I think this is a smart move as long as Jennings can handle the work. As he told Biggs not long ago, playing two positions will require at least twice as much study and the ability to shift gears mentally depending on what package the Bears are in.

“During breaks in practice, receivers Alshon JefferyMarquess WilsonJosh Morgan and Eric Weems stood on the side catching tennis balls in both hands in rapid succession from offensive quality control coach Carson Walch. Interestingly, there weren’t many dropped balls during Tuesday’s practice.”

One Final Thought

Jahns quotes linebacker Lance Briggs on “the bite” of new linebackers coach Reggie Herring:

“I love the guy.  He’s intense. He’s kind of a throwback, [a] kind of coach that I always remember growing up [with]. So that part of the whole deal is in a weird way kind of comforting.”

Optimism Reigns and Other Points of View

“If the draft is how you build a franchise, then why is there not more coverage of a teams’ scouts? I don’t mean fluff or assassination jobs, just journalism 101. How many current Bears scouts gave Jerry Angelo advice? How does the Bears’ scouting department stack up with the rest of the NFL and NFC North? – Kirk, Chicago”

“Most teams make their scouts off-limits to media so spending time with them to pick their brains about the draft, the prospects, their role in it and the big picture is difficult.”

I remember attending one Bears Convention back when they still had them and being fascinated by a question and answer session with then Director of College Scouting for the Bears, Greg Gabriel.  It was easily the best session I ever attended.

I don’t understand why scouts should be off limits to the media.  Are NFL teams afraid that they’ll reveal valuable information?  Or are they afraid that too much time spent with the media will mean less time scouting?

  • Biggs can safely consider this question to be a dead issue as far as I’m concerned:

“With all the versatile front seven players the Bears have could they be leaning toward a 3-4 going forward? — @huskysize from Twitter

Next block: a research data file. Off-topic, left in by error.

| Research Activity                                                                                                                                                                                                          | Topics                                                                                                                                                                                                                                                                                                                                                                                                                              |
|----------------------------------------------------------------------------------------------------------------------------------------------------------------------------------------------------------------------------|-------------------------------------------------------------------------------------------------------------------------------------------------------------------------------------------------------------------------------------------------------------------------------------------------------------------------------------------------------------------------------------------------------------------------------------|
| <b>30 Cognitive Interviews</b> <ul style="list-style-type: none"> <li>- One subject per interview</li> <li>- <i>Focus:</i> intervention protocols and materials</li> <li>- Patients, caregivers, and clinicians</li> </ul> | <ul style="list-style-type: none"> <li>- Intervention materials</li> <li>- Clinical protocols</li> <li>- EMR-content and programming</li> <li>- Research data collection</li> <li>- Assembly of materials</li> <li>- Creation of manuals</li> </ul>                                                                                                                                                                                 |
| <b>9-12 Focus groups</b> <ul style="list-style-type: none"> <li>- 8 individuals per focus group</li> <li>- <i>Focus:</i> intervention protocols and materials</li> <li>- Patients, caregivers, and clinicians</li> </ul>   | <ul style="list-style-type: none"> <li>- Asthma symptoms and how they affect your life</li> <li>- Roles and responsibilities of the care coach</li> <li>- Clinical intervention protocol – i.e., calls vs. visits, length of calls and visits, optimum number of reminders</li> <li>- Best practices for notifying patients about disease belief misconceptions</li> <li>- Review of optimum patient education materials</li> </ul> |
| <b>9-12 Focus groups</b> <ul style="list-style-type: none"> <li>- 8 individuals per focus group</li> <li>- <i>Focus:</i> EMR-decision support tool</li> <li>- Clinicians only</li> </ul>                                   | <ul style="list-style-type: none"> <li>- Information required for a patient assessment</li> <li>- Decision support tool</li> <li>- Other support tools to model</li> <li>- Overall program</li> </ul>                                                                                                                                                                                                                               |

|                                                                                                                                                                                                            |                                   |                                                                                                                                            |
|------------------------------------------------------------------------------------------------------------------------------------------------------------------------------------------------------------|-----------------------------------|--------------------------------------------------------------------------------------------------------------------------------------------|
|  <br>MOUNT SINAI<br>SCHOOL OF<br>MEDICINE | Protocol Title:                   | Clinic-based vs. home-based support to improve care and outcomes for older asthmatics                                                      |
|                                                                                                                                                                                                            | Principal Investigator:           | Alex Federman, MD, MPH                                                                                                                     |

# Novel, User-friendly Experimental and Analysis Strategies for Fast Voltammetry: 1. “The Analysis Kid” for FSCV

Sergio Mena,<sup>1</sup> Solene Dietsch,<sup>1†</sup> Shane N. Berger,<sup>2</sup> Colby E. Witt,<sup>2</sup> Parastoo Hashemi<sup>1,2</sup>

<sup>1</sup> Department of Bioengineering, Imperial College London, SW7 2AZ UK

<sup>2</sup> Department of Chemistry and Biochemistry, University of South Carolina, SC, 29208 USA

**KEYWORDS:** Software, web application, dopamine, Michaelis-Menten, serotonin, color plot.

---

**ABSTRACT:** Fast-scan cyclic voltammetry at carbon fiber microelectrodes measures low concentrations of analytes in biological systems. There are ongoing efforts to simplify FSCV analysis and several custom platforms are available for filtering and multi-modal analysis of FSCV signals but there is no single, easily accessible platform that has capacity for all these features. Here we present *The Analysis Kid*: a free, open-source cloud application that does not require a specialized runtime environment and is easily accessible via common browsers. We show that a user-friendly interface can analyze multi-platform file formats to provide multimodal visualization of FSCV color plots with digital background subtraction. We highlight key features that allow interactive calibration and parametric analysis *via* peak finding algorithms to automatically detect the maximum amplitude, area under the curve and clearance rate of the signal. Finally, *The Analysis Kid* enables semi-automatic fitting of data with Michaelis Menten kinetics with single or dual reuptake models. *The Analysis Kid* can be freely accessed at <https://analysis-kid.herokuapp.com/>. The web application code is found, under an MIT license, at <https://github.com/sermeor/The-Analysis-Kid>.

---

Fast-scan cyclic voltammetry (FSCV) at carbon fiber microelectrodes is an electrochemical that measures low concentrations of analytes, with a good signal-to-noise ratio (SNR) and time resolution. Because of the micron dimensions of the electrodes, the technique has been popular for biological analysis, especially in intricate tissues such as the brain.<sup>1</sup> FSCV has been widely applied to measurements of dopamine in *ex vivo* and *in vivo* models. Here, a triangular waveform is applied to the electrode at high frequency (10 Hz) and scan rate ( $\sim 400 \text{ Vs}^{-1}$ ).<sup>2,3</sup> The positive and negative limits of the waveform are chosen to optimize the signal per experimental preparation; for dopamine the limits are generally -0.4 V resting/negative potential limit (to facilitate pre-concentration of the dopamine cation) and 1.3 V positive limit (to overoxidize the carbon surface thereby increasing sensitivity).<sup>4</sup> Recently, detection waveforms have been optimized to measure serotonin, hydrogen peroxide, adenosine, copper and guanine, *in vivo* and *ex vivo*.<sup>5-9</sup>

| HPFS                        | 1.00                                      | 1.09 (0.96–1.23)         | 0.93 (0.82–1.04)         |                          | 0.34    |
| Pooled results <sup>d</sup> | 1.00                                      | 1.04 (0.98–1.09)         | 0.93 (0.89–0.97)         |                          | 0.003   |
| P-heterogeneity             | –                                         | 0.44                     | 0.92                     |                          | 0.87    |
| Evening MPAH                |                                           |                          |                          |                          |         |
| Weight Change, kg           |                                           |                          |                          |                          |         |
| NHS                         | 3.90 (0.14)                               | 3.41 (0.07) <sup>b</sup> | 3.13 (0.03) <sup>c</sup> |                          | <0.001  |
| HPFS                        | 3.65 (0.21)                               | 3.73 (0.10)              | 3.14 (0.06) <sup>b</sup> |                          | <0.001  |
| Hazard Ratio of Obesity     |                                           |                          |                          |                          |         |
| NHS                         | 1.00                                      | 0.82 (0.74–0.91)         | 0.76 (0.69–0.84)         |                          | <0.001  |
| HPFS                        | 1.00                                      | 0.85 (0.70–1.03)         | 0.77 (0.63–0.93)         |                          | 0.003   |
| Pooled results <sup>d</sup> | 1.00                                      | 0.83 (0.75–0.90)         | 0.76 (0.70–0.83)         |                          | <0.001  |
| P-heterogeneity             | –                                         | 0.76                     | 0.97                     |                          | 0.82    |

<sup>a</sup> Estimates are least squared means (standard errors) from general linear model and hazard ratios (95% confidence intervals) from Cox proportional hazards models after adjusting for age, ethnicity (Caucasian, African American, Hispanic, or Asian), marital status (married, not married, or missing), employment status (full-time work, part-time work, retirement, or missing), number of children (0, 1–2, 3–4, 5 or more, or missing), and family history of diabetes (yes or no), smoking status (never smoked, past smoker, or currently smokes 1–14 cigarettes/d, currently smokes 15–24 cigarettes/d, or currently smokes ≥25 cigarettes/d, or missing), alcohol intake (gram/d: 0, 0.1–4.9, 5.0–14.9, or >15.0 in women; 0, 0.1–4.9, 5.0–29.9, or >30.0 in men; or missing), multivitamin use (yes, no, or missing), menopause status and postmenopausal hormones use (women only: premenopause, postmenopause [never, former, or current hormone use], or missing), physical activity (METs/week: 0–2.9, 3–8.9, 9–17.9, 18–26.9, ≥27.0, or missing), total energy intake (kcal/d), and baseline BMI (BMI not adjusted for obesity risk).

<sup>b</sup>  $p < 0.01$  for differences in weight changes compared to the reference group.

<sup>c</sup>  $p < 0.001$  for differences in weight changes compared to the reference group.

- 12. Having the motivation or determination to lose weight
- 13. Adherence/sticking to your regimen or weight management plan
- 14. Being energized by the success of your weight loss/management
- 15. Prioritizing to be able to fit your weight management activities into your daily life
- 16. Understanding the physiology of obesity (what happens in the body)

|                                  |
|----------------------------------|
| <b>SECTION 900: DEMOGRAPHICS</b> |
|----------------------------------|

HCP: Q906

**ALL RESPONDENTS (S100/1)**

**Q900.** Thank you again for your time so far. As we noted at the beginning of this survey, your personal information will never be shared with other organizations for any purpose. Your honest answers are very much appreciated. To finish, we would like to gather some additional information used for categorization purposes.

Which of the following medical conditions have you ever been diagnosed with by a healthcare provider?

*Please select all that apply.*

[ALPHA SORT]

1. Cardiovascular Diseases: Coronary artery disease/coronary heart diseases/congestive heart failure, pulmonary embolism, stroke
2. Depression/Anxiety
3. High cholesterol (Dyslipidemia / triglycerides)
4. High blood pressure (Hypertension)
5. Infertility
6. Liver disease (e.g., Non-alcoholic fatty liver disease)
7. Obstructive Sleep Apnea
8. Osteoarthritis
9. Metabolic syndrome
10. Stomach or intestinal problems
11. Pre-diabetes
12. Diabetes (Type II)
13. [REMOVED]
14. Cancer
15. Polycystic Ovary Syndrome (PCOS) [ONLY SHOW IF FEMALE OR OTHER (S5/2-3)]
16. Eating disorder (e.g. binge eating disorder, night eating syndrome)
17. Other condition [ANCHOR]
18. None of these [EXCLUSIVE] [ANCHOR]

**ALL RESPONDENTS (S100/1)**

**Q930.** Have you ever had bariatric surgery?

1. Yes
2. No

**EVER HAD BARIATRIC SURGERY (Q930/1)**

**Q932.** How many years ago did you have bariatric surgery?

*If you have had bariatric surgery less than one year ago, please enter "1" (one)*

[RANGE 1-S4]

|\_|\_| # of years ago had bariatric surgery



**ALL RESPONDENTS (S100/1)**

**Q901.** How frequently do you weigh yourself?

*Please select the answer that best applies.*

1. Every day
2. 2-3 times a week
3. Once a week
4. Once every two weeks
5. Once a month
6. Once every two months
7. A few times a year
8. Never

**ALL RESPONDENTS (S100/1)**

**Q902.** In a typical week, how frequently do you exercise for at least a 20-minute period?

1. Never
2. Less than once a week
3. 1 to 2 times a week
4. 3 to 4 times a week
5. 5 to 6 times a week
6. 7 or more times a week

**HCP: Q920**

“I thought we buried this question when the Bears publicly announced they were playing a 4-3 front. Jared Allen would not be at his best in a 3-4 scheme and he was the biggest defensive acquisition of the offseason. I don’t know that Jeremiah Ratliff is still cut out to be a 3-4 nose tackle. I don’t think Lance Briggs would be at his best in a 3-4 scheme and really Shea McClellin is the only linebacker ideally suited for that scheme with the exception of perhaps undrafted free agent Christian Jones. The 3-4 isn’t happening.”

I couldn’t agree more.  The Bears are likely to play multiple fronts and a three man line might occasionally pop up.  But I wouldn’t expect it with any regularity.

  • Michael C. Wright at and I don’t always see eye-to-eye but I couldn’t agree more with this part of his assessment of the Bears offseason moves:

“Best move: Bringing aboard experienced veteran coaches on defense. Chicago was mostly a veteran group on defense in 2013, with the majority knowing the system so well they needed little guidance. When injuries hit, several young players were forced to play significant minutes, and some of the coaches on the staff at that time weren’t capable of properly teaching the inexperienced players. With the roster currently featuring so many young players on defense, it was important to hire experienced teachers/coaches, which is what Chicago got in Paul Pasqualoni, Reggie Herring and Clint Hurtt, who all have extensive backgrounds in multiple schemes.”

These new coaches are going to make a huge difference for the Bears defense this year.

One Final Thought

One more question for Biggs:

“ I really don’t think I’m being overly optimistic here when I say I think the Bears really have made the leap to a Super Bowl contender. When you think about how good the offense was last season, if the Bears had just an average defense, wouldn’t they have been one of the best teams in the league? It seems like they have improved the defense to the point that it might even be above average, and we should expect the offense to be better than last year with no significant losses and everyone having another year under the system. What do you think? – Dan, Skokie”

“The Bears should expect to be a playoff contender this season, as they have every year since appearing in Super Bowl XLI. Unfortunately, the Bears have underperformed and made just one postseason appearance in the last seven years. It’s going to be a challenge for the Bears to remain as potent on offense this season but they certainly have the personnel to do so and a coach with a vision that transformed things quickly on that side of the ball. Keep in mind the offense remained relatively injury-free in 2013 with the exception of quarterback Jay Cutler. The defense is more of a wild card and unknown.”

I’ve written already about the Bears luck with injuries last year on offense.  I’d also like to point out that the NFC North was miserable last year and that had an impact on the Bears success as well.  The Packers losing Aaron Rogers with much more serious consequences than the Bears had with Cutler’s loss.  The Lions and Vikings both have new coaches this year.

I know that this is the time of the year for hope but I would urge Bears fans to temper their expectations for this year.  Otherwise they might well be setting themselves up for serious disappointment.